Why does a person want to pursue a PhD degree?
The reasons for pursuing a higher education degree are simple; a person looking to cultivate excellence, impelled by a spirit of curiosity and wishing to rise above mediocrity may choose to pursue a high-level degree. A student on a mission for new information and new approaches to deal with disease, diagnosis, treatment, and prevention, as a physician-scientist who commits a great amount of his or her time with zeal to this learning opportunity than to routine clinical care may also choose to chase a PhD. 24 Other reasons could be aiming for employment by academic medical centres, universities, research institutes. Or he/she could be a person who values creating a link between medical training, clinical skills and research skills to become someone who would guide others in ways that a non-physician scientist could not. Some programmes offering PhD opportunities such as those existing at National Institute of Health (NIH) are highly coveted positions because they provide full tuition and stipend support to their trainees and it usually plays an important role in helping students from developing countries such as ours to decide their future path.
Availability of qualified supervisors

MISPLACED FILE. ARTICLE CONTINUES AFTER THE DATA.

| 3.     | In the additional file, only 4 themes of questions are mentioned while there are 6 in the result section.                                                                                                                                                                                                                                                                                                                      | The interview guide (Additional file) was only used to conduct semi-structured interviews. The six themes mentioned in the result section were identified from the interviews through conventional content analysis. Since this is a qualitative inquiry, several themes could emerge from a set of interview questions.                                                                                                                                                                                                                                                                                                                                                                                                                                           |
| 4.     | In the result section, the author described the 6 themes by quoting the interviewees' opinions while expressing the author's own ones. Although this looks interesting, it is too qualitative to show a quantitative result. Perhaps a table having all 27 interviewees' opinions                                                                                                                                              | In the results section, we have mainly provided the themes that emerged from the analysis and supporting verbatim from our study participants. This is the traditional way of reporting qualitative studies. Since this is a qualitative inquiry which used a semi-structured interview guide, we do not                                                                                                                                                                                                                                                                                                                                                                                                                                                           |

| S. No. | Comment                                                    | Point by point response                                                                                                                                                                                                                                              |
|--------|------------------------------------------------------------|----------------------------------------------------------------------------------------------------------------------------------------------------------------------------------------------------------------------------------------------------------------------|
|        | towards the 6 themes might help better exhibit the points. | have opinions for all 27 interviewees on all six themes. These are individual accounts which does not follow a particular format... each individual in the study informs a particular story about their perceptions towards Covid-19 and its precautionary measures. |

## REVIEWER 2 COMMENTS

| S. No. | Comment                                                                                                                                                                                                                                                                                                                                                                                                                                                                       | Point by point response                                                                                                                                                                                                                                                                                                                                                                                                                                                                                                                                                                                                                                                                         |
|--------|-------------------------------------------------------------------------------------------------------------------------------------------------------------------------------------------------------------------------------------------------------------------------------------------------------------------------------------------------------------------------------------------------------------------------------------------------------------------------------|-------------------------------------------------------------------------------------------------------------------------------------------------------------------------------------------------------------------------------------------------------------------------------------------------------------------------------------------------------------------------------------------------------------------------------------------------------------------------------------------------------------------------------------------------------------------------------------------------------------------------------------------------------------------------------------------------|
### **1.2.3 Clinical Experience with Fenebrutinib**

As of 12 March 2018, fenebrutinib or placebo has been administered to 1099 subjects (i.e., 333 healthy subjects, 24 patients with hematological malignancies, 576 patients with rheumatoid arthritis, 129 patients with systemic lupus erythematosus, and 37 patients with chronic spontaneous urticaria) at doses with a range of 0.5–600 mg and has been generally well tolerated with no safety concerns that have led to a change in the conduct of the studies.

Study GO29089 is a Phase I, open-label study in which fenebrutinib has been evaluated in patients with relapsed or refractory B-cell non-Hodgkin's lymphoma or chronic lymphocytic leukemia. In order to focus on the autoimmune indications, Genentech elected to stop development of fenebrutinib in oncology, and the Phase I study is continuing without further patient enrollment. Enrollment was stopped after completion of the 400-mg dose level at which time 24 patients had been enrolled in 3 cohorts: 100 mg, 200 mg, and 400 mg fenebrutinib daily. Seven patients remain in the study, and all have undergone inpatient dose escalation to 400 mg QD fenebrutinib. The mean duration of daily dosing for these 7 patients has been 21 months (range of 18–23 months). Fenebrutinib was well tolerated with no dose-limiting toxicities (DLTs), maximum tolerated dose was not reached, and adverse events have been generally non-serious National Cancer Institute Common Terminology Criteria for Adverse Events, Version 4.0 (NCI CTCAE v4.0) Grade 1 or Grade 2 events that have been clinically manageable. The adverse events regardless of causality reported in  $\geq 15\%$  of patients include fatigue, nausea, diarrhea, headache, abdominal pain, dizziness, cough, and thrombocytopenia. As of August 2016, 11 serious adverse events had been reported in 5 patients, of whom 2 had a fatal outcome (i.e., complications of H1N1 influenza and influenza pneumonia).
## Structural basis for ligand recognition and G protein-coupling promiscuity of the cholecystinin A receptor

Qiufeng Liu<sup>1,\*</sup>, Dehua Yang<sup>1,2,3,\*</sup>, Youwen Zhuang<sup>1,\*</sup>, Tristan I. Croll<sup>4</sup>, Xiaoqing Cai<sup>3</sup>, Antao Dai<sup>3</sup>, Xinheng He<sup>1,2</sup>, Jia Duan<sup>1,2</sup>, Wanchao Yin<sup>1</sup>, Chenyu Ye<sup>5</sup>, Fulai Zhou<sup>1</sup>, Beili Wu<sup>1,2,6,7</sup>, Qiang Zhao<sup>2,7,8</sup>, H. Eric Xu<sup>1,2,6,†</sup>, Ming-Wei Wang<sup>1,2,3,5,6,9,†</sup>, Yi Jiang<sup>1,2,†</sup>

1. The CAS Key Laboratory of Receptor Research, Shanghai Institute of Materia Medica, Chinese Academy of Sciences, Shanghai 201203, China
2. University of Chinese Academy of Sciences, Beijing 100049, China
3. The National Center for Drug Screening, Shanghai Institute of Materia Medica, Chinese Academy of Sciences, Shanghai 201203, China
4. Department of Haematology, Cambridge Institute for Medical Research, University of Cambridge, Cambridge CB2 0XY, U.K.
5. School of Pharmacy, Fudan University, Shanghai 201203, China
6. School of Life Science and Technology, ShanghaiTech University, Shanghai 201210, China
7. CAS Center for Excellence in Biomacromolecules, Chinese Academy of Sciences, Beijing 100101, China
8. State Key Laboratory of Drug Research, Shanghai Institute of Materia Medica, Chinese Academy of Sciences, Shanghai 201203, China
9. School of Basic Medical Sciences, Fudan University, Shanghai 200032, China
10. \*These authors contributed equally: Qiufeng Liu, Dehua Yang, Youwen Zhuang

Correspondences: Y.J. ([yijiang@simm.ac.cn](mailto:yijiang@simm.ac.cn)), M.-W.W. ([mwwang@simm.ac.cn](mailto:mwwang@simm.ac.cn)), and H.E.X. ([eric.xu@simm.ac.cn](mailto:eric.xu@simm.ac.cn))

An academic department\\\'s expertise, dedication and meticulousness shape the growth and productivity of PhD students. Several studies highlight the importance of a positive co-author experience with the supervisor and learning research management skills through guidance as important in academics and knowledge production. 25-27 Jacobs has mentioned several flaws that, if present in a supervisor, can lead to an obedient PhD without much independent thought or inventiveness. 21 A PhD is often seen as tangible proof of the researcher\\\'s ability to execute a seamless experiment, but since a supervisor\\\'s own success is assessed by the outcome of his post-doctorates, the PhD students often receive a tailor-made research plan with a set of instructions to follow religiously. Changes in these patterns would require funding and commitment to the cause. A study conducted in Asia examined the link between research productivity, doctoral mentoring practices, and doctoral research experiences of mentees in PhD programmes. 28 It was observed that the burden of writing the manuscript fell to the mentee in co-managed projects with their supervisors. HEC has published a list of requirements that should be fulfilled by supervisors of all disciplines to avoid exploitation of students by a person in command. It guarantees that each student is paired with a competent guide. 29